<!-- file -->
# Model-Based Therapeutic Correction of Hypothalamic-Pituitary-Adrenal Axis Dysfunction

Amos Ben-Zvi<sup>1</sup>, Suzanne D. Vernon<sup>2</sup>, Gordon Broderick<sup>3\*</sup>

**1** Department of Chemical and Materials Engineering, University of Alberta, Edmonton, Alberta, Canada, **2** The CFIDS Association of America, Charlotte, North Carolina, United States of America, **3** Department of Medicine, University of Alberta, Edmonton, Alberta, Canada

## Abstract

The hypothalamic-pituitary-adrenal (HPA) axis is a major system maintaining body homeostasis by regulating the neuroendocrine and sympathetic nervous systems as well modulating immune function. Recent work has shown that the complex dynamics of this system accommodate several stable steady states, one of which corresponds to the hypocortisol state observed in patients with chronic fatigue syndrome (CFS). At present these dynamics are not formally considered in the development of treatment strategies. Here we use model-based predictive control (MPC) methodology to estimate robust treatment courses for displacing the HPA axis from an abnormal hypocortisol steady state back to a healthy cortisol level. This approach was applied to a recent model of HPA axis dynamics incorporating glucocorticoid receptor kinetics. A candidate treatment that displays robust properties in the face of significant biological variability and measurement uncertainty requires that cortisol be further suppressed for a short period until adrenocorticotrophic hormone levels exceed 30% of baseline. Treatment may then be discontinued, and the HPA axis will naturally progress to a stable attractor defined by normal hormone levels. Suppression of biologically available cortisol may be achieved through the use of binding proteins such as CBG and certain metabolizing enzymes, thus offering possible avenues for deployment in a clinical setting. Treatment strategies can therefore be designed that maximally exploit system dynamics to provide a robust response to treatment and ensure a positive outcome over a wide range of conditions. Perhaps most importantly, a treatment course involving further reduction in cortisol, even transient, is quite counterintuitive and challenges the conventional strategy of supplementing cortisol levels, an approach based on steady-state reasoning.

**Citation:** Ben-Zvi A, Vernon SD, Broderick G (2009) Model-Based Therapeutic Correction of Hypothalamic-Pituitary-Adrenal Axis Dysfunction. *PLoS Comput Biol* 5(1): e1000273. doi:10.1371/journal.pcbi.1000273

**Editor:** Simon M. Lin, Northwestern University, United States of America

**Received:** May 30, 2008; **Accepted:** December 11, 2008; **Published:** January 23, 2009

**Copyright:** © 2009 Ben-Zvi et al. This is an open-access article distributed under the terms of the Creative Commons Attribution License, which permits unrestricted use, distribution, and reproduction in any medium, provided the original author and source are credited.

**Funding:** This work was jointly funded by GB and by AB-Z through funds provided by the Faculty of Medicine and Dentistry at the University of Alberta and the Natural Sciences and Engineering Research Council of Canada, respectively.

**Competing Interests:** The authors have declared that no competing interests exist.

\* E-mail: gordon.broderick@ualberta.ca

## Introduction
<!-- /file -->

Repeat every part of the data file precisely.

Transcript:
# Model-Based Therapeutic Correction of Hypothalamic-Pituitary-Adrenal Axis Dysfunction

Amos Ben-Zvi<sup>1</sup>, Suzanne D. Vernon<sup>2</sup>, Gordon Broderick<sup>3\*</sup>

**1** Department of Chemical and Materials Engineering, University of Alberta, Edmonton, Alberta, Canada, **2** The CFIDS Association of America, Charlotte, North Carolina, United States of America, **3** Department of Medicine, University of Alberta, Edmonton, Alberta, Canada

## Abstract

The hypothalamic-pituitary-adrenal (HPA) axis is a major system maintaining body homeostasis by regulating the neuroendocrine and sympathetic nervous systems as well modulating immune function. Recent work has shown that the complex dynamics of this system accommodate several stable steady states, one of which corresponds to the hypocortisol state observed in patients with chronic fatigue syndrome (CFS). At present these dynamics are not formally considered in the development of treatment strategies. Here we use model-based predictive control (MPC) methodology to estimate robust treatment courses for displacing the HPA axis from an abnormal hypocortisol steady state back to a healthy cortisol level. This approach was applied to a recent model of HPA axis dynamics incorporating glucocorticoid receptor kinetics. A candidate treatment that displays robust properties in the face of significant biological variability and measurement uncertainty requires that cortisol be further suppressed for a short period until adrenocorticotrophic hormone levels exceed 30% of baseline. Treatment may then be discontinued, and the HPA axis will naturally progress to a stable attractor defined by normal hormone levels. Suppression of biologically available cortisol may be achieved through the use of binding proteins such as CBG and certain metabolizing enzymes, thus offering possible avenues for deployment in a clinical setting. Treatment strategies can therefore be designed that maximally exploit system dynamics to provide a robust response to treatment and ensure a positive outcome over a wide range of conditions. Perhaps most importantly, a treatment course involving further reduction in cortisol, even transient, is quite counterintuitive and challenges the conventional strategy of supplementing cortisol levels, an approach based on steady-state reasoning.

**Citation:** Ben-Zvi A, Vernon SD, Broderick G (2009) Model-Based Therapeutic Correction of Hypothalamic-Pituitary-Adrenal Axis Dysfunction. *PLoS Comput Biol* 5(1): e1000273. doi:10.1371/journal.pcbi.1000273

**Editor:** Simon M. Lin, Northwestern University, United States of America

**Received:** May 30, 2008; **Accepted:** December 11, 2008; **Published:** January 23, 2009

**Copyright:** © 2009 Ben-Zvi et al. This is an open-access article distributed under the terms of the Creative Commons Attribution License, which permits unrestricted use, distribution, and reproduction in any medium, provided the original author and source are credited.

**Funding:** This work was jointly funded by GB and by AB-Z through funds provided by the Faculty of Medicine and Dentistry at the University of Alberta and the Natural Sciences and Engineering Research Council of Canada, respectively.

**Competing Interests:** The authors have declared that no competing interests exist.

\* E-mail: gordon.broderick@ualberta.ca

## Introduction